Realizing that they can only curb and not cull the AI industry, the letter seems to be a good precautionary measure to cope with the financial and political disruptions that common AI use will cause. Particularly, the letter is worried about the unlicensed, large-scale distribution and training of powerful AI that is not designed specifically to protect its users. If centrally-mandated authorities don’t control such AI being made available to the public without proper checks, the damage to users is what the letter focuses on controlling the most.
At the same time, what is it exactly that the letter calls to do? Not letting AI systems develop until “we are confident that their effects will be positive and their risks will be manageable?” That’s simply not possible. No matter how many embargoes and child-locks they place on AI systems, once they’re released to the public like ChatGPT is, it is impossible not to have any unexpected risks and consequences. It is as though we give ourselves too much credit for being able to predict everything, when time and again, humanity as a whole has been positive something would or would not happen, and it has almost always been wrong. Just think of the editorial published by New York Times in 1920, claiming a rocket would never be able to leave the Earth’s atmosphere
. Then on 16 July 1969, the day of Apollo’s launch, they published a correction
, saying “Further investigation and experimentation have confirmed the findings of Isaac Newton in the 17th century and it is now definitely established that a rocket can function in a vacuum as well as in an atmosphere.”
“The Times regrets the error,” the correction said, and I think so will people like Wozniak and Musk, when they find out powerful AI has been developed behind their backs that they can’t control. Negative consequences won’t matter to them when the power shifts to someone else’s hands. Right now, Wozniak and Musk are both on the forefront when it comes to new technology that will be developed. However, Wozniak’s states how his concern stems from some“bad people out there”(https://fortune.com/2023/05/03/apple-cofounder-steve-wozniak-artificial-intelligence-challenges-agrees-with-microsoft-bill-gates/), using AI to steal data or harm users in some other way. Signing the letter not only puts such figures on the list of ‘well-wishers’ instead of being viewed as pioneers of the threat itself, but also puts them on the list of regulatory authorities able to monitor the proliferation of AI.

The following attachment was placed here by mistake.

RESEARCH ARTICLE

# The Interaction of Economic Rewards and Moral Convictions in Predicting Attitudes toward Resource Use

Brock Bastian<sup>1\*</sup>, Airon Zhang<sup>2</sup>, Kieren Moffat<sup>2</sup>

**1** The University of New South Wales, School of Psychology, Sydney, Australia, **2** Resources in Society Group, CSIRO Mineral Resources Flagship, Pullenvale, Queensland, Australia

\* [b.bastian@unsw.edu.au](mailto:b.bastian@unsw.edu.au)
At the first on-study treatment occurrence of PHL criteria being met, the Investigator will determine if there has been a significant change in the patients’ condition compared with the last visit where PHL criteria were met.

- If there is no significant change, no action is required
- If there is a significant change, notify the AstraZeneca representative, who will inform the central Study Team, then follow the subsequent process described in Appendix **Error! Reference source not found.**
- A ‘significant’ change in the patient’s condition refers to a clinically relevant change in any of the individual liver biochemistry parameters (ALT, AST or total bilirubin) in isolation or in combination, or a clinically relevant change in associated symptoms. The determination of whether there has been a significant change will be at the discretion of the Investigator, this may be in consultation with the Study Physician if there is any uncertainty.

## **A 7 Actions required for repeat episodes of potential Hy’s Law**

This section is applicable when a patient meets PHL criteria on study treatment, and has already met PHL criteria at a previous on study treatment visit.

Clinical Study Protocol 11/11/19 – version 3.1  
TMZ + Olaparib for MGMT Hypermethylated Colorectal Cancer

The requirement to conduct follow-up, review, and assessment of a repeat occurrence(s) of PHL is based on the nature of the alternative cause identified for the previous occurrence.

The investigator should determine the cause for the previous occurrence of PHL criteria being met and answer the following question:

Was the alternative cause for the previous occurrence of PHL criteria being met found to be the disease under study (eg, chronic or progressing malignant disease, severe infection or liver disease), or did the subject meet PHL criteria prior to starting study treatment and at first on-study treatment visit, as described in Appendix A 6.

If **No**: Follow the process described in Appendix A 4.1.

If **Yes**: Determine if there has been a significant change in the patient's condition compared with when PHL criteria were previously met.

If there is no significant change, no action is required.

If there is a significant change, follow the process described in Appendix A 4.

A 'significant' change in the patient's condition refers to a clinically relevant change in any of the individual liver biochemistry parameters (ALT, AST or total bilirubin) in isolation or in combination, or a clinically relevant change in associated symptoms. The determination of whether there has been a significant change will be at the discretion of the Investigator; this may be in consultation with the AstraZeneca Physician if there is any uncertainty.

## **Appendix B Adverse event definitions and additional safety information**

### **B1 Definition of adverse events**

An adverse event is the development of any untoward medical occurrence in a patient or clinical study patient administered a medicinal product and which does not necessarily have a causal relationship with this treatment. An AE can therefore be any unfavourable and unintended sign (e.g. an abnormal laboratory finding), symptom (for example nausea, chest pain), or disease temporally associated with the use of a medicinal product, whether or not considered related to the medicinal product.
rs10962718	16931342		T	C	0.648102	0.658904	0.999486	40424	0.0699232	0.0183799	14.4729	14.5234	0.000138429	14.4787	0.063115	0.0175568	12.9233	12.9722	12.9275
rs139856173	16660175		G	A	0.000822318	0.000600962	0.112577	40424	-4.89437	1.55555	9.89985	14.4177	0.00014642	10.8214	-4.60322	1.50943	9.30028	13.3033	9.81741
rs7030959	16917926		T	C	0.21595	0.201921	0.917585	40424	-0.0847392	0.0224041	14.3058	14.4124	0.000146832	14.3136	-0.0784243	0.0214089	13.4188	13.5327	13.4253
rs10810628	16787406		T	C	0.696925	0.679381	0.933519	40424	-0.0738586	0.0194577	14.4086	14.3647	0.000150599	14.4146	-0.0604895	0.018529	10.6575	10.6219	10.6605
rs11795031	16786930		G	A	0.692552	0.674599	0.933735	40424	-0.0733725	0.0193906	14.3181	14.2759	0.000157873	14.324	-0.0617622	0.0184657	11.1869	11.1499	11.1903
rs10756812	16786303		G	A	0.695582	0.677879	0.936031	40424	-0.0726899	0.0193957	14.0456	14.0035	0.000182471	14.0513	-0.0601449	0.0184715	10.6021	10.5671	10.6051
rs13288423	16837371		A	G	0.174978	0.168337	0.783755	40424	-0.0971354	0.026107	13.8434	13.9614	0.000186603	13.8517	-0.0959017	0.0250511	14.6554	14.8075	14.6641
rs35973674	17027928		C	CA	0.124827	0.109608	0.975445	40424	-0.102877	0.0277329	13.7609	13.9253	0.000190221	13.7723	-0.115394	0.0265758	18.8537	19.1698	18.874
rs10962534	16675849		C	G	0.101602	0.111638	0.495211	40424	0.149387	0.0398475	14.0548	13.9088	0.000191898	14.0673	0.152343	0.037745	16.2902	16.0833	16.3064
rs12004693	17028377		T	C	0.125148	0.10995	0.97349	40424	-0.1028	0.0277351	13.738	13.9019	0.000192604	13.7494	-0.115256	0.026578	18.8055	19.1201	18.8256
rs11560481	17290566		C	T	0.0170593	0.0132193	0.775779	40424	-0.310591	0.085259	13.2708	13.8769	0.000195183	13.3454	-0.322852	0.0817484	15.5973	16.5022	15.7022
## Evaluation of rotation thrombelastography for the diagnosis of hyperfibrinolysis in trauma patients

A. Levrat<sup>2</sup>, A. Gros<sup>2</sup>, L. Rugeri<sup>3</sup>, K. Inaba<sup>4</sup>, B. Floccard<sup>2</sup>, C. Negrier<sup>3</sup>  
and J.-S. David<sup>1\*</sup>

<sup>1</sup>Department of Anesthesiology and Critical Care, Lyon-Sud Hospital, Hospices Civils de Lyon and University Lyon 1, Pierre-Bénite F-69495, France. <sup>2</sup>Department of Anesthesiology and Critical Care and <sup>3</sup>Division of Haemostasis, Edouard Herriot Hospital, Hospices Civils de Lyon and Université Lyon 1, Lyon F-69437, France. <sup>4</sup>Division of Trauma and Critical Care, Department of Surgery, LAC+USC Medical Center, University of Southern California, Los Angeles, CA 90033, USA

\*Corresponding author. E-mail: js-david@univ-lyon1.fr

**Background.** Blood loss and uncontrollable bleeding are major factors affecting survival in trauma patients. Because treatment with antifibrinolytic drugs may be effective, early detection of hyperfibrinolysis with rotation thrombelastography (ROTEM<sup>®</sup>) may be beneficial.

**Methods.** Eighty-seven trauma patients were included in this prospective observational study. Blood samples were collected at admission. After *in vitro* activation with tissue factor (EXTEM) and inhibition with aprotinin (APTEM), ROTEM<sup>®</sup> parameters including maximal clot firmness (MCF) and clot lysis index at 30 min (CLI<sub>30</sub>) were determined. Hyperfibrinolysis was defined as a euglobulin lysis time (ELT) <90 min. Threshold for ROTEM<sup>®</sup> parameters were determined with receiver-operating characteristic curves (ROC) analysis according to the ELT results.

I’m not against taking the time to build safe systems, I think that’s a great idea, provided everyone actually universally pursues it. Still, I like the caution being exercised, it seems like we’ve learnt a lesson in patience and controlling our ambitions from the mistakes of the past. I only hope they don’t ban ChatGPT, I would miss it.
Tiesta Dangwal is Deputy Features Editor. Email them at firstname.lastname@example.org